By Iglika Ivanova and Seth Klein.
We hear a lot about BC’s strong job performance but if you live outside Metro Vancouver or Victoria you know the job picture is not as rosy as the government says.
In virtually every speech and media appearance, Premier Clark touts the 73,000 new jobs created in BC in 2016. What the Premier doesn’t say is that most of these jobs were created in the province’s southwest corner.
Data from Statistics Canada’s Labour Force Survey show that BC’s recent job growth comes on the heels of six years of slow recovery since the 2008/2009 recession. Compared to other provinces, we ranked near the bottom of the pack in job creation between 2009 and 2015, ahead only of New Brunswick and Nova Scotia.
The picture is very bleak outside of BC’s big cities. In 2016, 83 per cent of net new jobs created in the province were in the Metro Vancouver urban area. The broader Lower Mainland/Southwest region, which includes the Fraser Valley, Squamish, Whistler and the Sunshine Coast, is home to 94 per cent of BC’s net job growth.
Not great news if you live in the Interior, the North or the Kootenays.
The only other region that saw net job creation in 2016 was Vancouver Island/Coast, which gained just over 9,000 jobs – two thirds of them in Greater Victoria.
The headline-making job numbers mask the fact that communities in the Interior and the North—Thompson-Okanagan, the Cariboo, Kootenays, North Coast/Nechako and the Northeast—saw net job losses last year. For many of these regions, these job losses came on the heels of hard times because of the recession and a decline in forestry. As a result, in many parts of the province, there are fewer jobs today than there were in 2008. A lot fewer.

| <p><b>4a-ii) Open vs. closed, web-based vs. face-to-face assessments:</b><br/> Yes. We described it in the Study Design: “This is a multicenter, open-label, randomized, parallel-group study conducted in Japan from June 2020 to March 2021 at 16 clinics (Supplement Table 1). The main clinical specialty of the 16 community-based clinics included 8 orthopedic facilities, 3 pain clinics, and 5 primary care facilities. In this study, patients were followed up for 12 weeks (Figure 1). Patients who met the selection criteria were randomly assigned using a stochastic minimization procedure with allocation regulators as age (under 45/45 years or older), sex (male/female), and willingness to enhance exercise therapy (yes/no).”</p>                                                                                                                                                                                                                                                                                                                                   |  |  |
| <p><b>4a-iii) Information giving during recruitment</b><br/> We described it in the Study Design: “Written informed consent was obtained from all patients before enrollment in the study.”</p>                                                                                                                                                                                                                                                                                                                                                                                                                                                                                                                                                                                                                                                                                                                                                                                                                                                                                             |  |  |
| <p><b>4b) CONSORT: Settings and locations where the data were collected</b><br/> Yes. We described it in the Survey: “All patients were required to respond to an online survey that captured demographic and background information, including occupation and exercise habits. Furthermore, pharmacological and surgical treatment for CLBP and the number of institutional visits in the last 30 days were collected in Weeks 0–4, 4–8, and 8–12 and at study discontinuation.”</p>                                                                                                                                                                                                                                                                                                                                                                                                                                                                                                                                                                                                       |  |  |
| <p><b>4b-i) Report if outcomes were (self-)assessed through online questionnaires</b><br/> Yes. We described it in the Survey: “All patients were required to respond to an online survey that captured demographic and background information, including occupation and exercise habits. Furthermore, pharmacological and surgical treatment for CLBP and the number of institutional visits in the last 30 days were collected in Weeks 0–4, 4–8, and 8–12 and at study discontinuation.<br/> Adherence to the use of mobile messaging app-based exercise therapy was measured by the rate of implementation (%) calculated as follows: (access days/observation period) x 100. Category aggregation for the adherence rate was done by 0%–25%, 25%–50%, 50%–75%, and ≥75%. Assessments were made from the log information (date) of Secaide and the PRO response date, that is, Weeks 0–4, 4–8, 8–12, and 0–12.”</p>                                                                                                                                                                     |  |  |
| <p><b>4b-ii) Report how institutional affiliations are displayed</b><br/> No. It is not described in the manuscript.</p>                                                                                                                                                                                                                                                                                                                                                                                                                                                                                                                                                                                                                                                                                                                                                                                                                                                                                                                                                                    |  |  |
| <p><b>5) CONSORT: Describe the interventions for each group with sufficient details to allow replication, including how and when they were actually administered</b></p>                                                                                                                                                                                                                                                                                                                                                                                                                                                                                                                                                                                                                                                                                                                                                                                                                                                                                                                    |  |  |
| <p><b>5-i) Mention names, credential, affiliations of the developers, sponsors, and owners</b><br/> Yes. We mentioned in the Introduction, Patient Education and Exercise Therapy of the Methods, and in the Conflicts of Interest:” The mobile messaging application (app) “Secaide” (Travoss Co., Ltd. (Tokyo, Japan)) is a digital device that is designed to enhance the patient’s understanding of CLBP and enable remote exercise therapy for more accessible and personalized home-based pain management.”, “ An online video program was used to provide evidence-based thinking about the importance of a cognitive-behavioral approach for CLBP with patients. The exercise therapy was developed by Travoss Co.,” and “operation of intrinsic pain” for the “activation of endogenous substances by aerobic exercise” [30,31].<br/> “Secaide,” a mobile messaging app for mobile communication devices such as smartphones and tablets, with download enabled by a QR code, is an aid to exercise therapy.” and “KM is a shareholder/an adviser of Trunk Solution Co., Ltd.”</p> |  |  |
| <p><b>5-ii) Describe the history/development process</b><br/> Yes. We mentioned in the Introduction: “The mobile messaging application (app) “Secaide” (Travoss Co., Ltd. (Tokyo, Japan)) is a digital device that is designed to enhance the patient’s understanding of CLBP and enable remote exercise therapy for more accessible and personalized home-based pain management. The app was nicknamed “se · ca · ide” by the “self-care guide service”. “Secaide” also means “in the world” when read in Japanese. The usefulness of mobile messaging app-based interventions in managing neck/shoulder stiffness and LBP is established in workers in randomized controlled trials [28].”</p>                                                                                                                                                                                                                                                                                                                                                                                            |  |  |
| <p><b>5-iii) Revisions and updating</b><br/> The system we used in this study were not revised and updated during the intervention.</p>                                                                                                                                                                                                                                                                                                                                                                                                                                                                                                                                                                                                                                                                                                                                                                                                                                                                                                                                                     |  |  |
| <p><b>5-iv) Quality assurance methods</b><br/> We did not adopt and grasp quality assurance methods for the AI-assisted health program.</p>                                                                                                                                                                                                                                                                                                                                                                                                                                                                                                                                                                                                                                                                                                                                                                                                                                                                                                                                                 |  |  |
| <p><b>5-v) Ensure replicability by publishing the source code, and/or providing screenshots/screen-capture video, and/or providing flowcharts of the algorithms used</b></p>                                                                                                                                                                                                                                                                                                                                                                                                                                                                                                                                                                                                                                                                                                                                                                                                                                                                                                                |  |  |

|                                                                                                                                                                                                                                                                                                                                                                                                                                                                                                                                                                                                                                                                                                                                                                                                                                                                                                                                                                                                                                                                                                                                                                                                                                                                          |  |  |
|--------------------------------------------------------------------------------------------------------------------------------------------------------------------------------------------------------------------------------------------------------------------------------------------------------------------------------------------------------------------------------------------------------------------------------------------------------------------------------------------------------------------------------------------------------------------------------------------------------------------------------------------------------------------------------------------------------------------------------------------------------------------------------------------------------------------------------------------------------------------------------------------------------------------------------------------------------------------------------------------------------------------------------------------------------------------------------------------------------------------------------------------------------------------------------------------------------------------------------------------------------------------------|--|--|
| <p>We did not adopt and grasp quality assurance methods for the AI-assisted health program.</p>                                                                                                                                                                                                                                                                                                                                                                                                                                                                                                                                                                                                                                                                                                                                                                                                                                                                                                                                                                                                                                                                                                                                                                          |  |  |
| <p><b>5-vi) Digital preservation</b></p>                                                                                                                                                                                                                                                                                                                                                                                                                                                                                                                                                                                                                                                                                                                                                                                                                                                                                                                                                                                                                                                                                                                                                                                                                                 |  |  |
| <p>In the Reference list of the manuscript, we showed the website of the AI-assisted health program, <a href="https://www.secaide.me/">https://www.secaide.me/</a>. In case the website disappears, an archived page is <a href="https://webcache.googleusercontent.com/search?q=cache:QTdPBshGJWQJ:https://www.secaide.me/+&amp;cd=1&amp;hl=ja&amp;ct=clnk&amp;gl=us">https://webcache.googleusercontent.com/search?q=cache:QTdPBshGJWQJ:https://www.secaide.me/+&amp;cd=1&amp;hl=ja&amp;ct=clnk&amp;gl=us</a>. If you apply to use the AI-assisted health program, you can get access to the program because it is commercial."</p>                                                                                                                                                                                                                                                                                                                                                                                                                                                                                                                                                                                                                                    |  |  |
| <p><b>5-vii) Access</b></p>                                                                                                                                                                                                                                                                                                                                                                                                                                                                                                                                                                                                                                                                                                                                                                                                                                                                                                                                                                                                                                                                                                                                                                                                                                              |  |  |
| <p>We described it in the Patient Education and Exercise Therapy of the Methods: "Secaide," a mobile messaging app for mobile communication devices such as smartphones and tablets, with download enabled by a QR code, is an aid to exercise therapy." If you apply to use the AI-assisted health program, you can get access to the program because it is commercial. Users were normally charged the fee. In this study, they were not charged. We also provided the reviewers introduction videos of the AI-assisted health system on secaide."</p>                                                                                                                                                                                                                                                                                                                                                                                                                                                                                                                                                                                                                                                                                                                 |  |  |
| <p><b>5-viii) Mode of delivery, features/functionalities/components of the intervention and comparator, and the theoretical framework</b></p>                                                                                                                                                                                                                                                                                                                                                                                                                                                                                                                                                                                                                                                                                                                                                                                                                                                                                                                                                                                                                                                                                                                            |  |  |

Net job losses since 2008 have come close to or exceeded five per cent of employment in each of Vancouver Island/Coast, Kootenay, Cariboo and North Coast/Nechako regions. The Lower Mainland and the Northeast are the only regions with more jobs today than in 2008.
This is exactly the opposite of the much-needed revitalization that the Premier’s Jobs Plan was supposed to accomplish in BC’s Interior and the North. BC needs a new bold jobs plan that would revitalize communities in every corner of the province.
In the coming months leading up to May’s provincial election, we’ll be hearing lots about jobs. But be advised – parse those numbers because the jobs story varies greatly by region. Breaking down the numbers reveals that many in our province are experiencing less economic security, not more.
Iglika Ivanova is a senior economist at the BC office of the Canadian Centre for Policy Alternatives and Seth Klein is the BC Office Director.